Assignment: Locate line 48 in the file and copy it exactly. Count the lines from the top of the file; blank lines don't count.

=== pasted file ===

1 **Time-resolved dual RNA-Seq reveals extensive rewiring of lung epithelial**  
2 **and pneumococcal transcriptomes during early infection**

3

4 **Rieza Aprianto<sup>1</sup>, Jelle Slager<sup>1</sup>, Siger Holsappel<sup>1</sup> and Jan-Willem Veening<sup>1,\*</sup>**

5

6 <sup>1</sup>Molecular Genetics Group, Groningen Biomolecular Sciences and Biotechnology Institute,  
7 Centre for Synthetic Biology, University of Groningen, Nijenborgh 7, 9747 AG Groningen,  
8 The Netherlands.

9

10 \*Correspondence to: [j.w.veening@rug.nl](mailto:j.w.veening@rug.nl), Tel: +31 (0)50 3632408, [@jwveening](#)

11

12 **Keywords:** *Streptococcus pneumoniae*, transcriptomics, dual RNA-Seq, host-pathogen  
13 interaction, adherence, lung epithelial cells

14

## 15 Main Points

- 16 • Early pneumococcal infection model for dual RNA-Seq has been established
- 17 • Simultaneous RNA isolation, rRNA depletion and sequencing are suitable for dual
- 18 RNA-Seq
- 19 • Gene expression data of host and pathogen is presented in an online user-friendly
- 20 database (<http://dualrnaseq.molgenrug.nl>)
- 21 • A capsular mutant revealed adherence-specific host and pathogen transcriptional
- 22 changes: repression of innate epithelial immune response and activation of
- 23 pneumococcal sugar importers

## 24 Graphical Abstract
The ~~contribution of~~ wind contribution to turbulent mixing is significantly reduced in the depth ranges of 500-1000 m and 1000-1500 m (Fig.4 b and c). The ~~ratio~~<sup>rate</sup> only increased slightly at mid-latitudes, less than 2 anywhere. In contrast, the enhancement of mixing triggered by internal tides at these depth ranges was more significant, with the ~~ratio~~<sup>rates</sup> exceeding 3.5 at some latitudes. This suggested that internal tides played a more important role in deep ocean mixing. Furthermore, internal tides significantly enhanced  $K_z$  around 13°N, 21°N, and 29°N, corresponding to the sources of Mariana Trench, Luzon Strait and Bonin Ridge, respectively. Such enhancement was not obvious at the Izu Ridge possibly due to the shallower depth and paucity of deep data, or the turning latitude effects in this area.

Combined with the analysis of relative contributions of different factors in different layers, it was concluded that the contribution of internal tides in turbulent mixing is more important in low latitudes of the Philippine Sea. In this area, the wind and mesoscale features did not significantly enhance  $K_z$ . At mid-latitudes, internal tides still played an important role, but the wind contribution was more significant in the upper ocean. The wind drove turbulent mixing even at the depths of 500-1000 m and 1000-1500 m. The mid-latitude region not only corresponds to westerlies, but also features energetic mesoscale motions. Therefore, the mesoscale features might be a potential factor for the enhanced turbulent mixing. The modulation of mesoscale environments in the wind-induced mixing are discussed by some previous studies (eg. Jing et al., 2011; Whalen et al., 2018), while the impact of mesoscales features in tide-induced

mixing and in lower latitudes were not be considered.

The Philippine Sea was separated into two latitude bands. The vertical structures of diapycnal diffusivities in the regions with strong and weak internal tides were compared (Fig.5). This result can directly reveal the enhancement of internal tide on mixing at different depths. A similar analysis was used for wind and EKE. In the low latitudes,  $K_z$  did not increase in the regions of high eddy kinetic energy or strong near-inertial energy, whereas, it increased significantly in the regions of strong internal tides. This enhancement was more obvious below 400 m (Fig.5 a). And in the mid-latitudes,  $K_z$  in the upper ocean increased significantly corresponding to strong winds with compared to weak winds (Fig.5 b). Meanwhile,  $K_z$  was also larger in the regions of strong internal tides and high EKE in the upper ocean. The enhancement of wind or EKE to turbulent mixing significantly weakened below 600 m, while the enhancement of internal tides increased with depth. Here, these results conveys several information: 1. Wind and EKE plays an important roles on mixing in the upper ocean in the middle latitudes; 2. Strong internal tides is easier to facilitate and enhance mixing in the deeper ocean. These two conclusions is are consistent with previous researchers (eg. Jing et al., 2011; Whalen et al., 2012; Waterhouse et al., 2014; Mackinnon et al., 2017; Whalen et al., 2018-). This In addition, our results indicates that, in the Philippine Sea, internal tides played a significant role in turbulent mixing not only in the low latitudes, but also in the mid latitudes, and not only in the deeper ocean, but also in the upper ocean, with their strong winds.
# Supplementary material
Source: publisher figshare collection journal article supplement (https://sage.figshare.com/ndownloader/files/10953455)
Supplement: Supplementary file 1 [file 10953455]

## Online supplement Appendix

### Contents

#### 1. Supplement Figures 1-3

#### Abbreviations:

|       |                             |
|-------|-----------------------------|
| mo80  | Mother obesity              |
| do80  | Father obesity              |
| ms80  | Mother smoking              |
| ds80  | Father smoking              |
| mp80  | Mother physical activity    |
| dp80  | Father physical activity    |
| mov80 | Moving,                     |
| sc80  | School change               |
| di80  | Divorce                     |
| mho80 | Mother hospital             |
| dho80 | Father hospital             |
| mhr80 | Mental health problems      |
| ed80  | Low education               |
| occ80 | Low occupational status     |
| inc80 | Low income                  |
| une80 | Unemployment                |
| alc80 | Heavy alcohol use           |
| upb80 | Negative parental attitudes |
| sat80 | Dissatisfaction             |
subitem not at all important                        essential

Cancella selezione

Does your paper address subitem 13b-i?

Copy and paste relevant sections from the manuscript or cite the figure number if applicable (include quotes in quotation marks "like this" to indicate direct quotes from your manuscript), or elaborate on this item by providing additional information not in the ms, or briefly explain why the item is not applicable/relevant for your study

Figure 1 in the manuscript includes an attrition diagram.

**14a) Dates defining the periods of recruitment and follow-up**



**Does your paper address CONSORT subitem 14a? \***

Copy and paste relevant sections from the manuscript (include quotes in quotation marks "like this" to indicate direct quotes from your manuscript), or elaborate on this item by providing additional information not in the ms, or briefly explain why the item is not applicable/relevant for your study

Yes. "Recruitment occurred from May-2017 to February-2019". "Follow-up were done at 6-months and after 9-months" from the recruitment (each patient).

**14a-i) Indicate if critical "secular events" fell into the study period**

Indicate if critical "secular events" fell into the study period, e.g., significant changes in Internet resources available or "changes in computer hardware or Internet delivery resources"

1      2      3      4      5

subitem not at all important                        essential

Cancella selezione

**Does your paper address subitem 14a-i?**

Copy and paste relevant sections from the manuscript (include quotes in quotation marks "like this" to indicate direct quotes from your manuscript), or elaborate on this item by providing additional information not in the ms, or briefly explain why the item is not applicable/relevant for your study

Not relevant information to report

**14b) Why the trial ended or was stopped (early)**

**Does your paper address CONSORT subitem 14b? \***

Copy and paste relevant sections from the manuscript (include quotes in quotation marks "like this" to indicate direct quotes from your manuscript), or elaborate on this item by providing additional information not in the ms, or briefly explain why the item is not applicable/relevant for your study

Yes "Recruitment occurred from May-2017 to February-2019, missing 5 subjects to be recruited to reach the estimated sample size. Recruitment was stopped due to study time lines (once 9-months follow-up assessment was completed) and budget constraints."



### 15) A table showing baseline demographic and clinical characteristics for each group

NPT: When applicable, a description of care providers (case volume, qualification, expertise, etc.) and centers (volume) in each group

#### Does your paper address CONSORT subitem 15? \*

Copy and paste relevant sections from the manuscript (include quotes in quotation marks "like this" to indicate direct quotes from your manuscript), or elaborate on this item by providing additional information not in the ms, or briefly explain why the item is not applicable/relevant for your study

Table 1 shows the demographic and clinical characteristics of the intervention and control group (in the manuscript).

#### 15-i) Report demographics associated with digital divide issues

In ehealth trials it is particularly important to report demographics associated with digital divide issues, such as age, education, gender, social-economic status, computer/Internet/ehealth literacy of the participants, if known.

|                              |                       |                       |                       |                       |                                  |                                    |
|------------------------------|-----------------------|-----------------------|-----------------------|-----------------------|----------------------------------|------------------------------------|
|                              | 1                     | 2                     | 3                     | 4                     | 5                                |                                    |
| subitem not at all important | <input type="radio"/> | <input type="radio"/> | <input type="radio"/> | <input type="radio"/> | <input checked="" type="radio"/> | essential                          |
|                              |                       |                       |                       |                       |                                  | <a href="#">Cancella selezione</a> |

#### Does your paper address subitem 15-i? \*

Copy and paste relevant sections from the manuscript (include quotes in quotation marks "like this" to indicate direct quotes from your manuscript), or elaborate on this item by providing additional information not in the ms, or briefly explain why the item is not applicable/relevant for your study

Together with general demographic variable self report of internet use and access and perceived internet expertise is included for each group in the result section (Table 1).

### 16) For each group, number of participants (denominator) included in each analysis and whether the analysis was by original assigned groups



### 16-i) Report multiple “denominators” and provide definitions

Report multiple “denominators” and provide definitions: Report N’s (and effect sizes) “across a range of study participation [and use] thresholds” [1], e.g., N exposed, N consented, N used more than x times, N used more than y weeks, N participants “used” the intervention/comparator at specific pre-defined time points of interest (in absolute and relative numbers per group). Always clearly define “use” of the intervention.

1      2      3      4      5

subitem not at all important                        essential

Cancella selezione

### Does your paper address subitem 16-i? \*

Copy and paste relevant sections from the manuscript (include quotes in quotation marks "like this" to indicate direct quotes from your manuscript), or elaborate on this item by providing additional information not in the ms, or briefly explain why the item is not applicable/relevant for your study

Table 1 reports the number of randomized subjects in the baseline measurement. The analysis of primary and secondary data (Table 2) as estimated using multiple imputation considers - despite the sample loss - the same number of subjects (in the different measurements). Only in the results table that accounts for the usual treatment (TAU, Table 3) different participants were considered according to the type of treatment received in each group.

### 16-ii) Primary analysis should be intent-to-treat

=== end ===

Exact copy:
| dho80 | Father hospital             |